I stopped at what appeared to be the entrance to its
broad courtyard. My curiosity aroused, I ventured
toward the entrance arch only to be quickly challenged
by a guard emerging from a sentry box I hadn’t noticed
in the dark. He was smartly uniformed, a policeman or soldier,
I’m not sure which, and politely confident as only a man
with a sub-machine gun can be.
Apparently I was about to wander into an off-limits French government complex. Jeff wrote back an appreciative note, adding among other things as he was wont to do about his teenage life, “I can really drink beer now, and I almost like it.”
Back at the hotel, I had a message from Inge, another friend from Frankfurt – she had asked me to let her know where I was staying in case she could get away. While Karin was a schoolgirl of 18, Inge, a stewardess, was several years older and could come and go as she pleased. She flew to Paris the following day to join me.
I was glad to have her company. Aside from being a comely young woman, Inge spoke fluent French, having studied at the Sorbonne, and knew the city well. With her as guide, we wandered far and wide, riding public transport, taking in the Sacré-Cœur as well as the paintings of the Louvre, then spent a balmy afternoon wandering the parks and gardens. Dinners were in a better class of restaurants since Inge and I always went Dutch treat. My leave over, we drove back to Deutschland uneventfully.
Duty beckoned, and it was back to the Cold War on Monday morning. Most of the time I worked both as a translator from Czech, the language ASA taught me, and as an intelligence analyst of classified material. Interesting though I found the work, it was a far cry from the popular image of ‘cloak & dagger’ associated with the secret world. However, my moment was soon to come – cloak, if not dagger.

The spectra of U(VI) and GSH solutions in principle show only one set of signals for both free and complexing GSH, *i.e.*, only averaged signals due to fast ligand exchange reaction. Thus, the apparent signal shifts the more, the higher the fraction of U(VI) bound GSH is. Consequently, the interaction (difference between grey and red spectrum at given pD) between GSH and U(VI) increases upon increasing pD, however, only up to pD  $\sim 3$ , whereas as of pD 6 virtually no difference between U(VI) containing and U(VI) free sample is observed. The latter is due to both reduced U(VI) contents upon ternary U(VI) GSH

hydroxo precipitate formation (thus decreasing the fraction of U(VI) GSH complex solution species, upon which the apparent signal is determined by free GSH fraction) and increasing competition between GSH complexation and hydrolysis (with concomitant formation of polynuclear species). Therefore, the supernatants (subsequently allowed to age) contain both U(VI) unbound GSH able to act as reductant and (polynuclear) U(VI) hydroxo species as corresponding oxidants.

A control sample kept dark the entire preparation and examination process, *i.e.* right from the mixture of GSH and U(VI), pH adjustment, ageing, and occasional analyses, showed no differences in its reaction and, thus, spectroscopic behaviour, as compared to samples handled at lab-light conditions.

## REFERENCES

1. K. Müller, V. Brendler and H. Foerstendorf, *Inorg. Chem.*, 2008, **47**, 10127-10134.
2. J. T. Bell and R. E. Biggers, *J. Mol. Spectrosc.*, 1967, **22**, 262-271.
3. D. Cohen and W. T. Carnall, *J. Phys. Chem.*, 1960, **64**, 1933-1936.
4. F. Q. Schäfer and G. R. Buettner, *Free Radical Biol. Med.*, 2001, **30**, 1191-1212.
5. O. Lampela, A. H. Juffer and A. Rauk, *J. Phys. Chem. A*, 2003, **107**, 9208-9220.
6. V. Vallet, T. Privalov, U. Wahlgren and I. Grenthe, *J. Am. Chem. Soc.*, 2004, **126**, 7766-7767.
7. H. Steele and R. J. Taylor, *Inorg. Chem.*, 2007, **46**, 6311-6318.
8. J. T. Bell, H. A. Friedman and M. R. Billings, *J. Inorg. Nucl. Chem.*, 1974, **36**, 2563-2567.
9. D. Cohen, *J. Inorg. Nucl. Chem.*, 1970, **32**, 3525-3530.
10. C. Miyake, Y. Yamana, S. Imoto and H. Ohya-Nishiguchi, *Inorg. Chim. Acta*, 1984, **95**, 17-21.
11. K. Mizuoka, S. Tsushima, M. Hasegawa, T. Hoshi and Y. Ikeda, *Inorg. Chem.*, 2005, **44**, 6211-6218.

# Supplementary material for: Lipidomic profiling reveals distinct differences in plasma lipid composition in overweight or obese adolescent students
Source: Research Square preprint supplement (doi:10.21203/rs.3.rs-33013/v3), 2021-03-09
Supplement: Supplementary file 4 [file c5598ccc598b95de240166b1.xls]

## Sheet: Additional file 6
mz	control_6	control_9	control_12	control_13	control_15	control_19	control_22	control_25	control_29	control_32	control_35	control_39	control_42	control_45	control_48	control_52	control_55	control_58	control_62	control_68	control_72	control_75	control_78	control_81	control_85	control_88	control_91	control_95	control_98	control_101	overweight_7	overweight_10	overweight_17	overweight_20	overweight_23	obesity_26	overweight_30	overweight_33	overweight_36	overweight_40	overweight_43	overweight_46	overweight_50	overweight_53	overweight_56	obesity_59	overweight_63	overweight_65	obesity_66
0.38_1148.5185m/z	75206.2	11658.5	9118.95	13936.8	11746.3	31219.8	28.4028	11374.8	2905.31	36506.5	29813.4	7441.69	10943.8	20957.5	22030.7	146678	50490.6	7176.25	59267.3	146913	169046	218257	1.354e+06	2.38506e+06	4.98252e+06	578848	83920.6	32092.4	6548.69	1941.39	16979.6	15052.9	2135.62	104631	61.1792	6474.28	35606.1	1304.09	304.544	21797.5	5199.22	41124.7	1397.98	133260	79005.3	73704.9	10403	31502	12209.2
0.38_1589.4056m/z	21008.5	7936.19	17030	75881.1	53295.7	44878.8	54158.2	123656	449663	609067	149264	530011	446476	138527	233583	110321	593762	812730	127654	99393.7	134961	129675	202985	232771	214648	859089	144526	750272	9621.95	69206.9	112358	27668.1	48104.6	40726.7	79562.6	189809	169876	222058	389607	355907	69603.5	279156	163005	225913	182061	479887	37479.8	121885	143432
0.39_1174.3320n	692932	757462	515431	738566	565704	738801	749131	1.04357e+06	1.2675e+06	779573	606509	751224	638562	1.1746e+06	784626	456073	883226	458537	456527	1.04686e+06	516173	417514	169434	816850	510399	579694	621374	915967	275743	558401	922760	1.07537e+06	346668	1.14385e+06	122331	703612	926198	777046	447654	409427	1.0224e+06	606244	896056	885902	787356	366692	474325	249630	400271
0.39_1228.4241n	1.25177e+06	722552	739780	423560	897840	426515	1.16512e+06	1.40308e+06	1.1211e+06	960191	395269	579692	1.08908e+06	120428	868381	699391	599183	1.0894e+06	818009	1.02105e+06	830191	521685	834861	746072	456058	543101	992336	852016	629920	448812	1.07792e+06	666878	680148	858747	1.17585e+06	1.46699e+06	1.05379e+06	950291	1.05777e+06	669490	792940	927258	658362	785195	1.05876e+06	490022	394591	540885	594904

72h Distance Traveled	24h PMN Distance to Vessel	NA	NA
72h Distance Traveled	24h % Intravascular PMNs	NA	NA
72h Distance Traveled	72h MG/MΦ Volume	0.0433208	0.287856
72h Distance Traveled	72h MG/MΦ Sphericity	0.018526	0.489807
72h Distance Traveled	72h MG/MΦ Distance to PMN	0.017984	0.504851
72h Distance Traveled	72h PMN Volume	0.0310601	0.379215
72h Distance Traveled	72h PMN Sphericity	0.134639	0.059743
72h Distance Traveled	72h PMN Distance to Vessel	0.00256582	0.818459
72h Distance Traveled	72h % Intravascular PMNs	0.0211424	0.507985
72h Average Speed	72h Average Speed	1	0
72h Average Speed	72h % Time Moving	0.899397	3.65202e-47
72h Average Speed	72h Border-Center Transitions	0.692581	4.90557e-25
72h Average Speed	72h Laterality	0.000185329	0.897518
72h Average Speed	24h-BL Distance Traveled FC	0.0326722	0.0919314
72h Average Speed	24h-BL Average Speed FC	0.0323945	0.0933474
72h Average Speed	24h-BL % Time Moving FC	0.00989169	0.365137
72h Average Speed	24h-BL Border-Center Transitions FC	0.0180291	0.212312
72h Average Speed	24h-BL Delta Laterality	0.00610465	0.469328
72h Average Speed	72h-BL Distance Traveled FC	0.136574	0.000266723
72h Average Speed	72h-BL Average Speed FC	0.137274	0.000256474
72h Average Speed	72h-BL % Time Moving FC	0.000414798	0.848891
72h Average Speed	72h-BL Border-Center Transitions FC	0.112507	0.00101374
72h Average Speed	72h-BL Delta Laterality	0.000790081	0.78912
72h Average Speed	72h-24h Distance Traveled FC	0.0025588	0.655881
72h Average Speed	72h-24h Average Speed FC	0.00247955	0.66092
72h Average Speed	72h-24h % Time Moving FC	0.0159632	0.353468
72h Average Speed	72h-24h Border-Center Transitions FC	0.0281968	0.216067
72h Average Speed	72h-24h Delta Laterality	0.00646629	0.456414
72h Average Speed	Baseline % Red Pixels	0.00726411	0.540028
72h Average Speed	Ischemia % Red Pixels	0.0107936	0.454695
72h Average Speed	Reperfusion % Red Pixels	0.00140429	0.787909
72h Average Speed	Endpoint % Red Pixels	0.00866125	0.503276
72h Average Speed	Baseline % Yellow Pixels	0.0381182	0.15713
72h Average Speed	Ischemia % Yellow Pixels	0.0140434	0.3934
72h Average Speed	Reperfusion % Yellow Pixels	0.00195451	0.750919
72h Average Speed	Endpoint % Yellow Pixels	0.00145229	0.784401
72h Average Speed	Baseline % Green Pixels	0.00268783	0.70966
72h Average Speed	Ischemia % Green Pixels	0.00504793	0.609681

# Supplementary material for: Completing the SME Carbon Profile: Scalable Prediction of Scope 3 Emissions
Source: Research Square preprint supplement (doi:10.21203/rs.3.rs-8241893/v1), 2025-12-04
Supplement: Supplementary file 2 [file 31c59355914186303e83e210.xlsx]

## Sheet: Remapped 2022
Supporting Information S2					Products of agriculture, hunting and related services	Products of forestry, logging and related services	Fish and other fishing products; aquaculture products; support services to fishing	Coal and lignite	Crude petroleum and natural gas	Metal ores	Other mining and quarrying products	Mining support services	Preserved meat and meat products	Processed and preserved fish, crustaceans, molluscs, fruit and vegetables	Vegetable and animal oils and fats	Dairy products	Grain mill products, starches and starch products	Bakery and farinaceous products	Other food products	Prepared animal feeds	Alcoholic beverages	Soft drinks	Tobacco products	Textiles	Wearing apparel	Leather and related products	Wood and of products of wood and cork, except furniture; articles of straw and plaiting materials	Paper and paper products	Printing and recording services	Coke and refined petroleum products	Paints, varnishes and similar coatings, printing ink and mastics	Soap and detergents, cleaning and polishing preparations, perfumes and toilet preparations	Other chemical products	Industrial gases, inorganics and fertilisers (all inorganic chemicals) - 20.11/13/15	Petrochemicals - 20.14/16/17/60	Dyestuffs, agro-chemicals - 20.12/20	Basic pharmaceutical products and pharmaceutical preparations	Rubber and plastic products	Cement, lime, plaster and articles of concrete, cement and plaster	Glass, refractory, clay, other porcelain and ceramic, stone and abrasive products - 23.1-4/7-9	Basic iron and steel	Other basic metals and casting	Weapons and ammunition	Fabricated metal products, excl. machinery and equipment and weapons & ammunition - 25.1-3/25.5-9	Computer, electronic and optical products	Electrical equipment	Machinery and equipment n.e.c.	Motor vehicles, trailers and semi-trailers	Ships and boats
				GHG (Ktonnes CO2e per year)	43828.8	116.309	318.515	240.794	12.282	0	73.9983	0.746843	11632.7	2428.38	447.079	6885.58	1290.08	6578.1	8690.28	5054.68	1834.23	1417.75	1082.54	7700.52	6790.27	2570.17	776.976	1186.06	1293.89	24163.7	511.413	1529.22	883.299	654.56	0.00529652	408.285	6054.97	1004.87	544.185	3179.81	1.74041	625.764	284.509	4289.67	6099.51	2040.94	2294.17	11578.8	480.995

One early summer afternoon in ’58 I was told to report upstairs to the office suite of the commandant of ASA Europe. Ushered into one of his well-appointed rooms, I found another fellow sitting there in civilian clothes; we nodded. A staff officer arrived, introduced the two of us, and announced we’d been selected for a hush-hush mission. He invoked the Need to Know rule; I was to tell no one in my office.
The captain briefed us, but we were not told our ultimate destination or assignment. The other GI was a German lingy from a different intelligence outfit. Actually, he looked like a German to me – he was wearing a German suit and had long hair, certainly not GI short. As it turned out he was of German-American background. As I wrote home, before the draft got him Rolf had been a press agent for a carnival.
We were each given cover names – I’ve forgotten mine – and relevant ID, instructed to wear civvies complete with fedoras, and told an old Mercedes would await us at our intermediate stop for transport. My cover was as an American Philco salesman while my partner was to be a German rep from our Frankfurt corporate office. Rolf had grown up in a German-speaking home in Ohio and turned out to be so fluent and accent-free that he could easily pass.
We took a fast trans-European train, the ‘Rheinblitz’, to Munich to receive further orders. We had an address for our local contact, but were not to go there immediately. Instead we hung out for a day or two like real traveling salesmen away from the office, ‘borrowing’ a little time from the company. The city’s hotels were jammed with 100,000 gymnasts in town for a convention, so Rolf had booked us into a rustic pension in the alpine foothills outside Munich, a low-cost vacation spot for Germans.